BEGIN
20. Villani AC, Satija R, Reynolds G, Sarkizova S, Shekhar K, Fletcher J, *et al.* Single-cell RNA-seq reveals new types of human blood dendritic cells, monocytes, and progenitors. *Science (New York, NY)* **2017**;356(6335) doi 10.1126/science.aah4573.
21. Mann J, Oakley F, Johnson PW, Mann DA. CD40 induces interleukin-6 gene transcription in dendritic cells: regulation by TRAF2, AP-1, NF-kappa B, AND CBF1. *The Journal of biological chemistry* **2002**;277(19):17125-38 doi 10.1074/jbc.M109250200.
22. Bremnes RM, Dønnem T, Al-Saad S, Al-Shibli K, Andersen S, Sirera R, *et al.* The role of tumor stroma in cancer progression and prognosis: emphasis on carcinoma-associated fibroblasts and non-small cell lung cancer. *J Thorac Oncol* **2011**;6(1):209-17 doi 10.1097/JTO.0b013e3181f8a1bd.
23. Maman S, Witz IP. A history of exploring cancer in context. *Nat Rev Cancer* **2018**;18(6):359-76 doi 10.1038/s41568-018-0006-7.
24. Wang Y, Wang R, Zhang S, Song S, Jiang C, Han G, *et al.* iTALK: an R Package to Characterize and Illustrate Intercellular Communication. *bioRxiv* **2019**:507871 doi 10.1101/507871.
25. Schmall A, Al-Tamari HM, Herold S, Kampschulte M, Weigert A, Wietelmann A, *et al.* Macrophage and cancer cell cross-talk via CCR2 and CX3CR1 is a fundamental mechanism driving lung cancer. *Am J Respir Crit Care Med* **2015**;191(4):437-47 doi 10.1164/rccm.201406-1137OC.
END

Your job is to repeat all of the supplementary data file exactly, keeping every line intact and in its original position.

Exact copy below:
20. Villani AC, Satija R, Reynolds G, Sarkizova S, Shekhar K, Fletcher J, *et al.* Single-cell RNA-seq reveals new types of human blood dendritic cells, monocytes, and progenitors. *Science (New York, NY)* **2017**;356(6335) doi 10.1126/science.aah4573.
21. Mann J, Oakley F, Johnson PW, Mann DA. CD40 induces interleukin-6 gene transcription in dendritic cells: regulation by TRAF2, AP-1, NF-kappa B, AND CBF1. *The Journal of biological chemistry* **2002**;277(19):17125-38 doi 10.1074/jbc.M109250200.
22. Bremnes RM, Dønnem T, Al-Saad S, Al-Shibli K, Andersen S, Sirera R, *et al.* The role of tumor stroma in cancer progression and prognosis: emphasis on carcinoma-associated fibroblasts and non-small cell lung cancer. *J Thorac Oncol* **2011**;6(1):209-17 doi 10.1097/JTO.0b013e3181f8a1bd.
23. Maman S, Witz IP. A history of exploring cancer in context. *Nat Rev Cancer* **2018**;18(6):359-76 doi 10.1038/s41568-018-0006-7.
24. Wang Y, Wang R, Zhang S, Song S, Jiang C, Han G, *et al.* iTALK: an R Package to Characterize and Illustrate Intercellular Communication. *bioRxiv* **2019**:507871 doi 10.1101/507871.
25. Schmall A, Al-Tamari HM, Herold S, Kampschulte M, Weigert A, Wietelmann A, *et al.* Macrophage and cancer cell cross-talk via CCR2 and CX3CR1 is a fundamental mechanism driving lung cancer. *Am J Respir Crit Care Med* **2015**;191(4):437-47 doi 10.1164/rccm.201406-1137OC.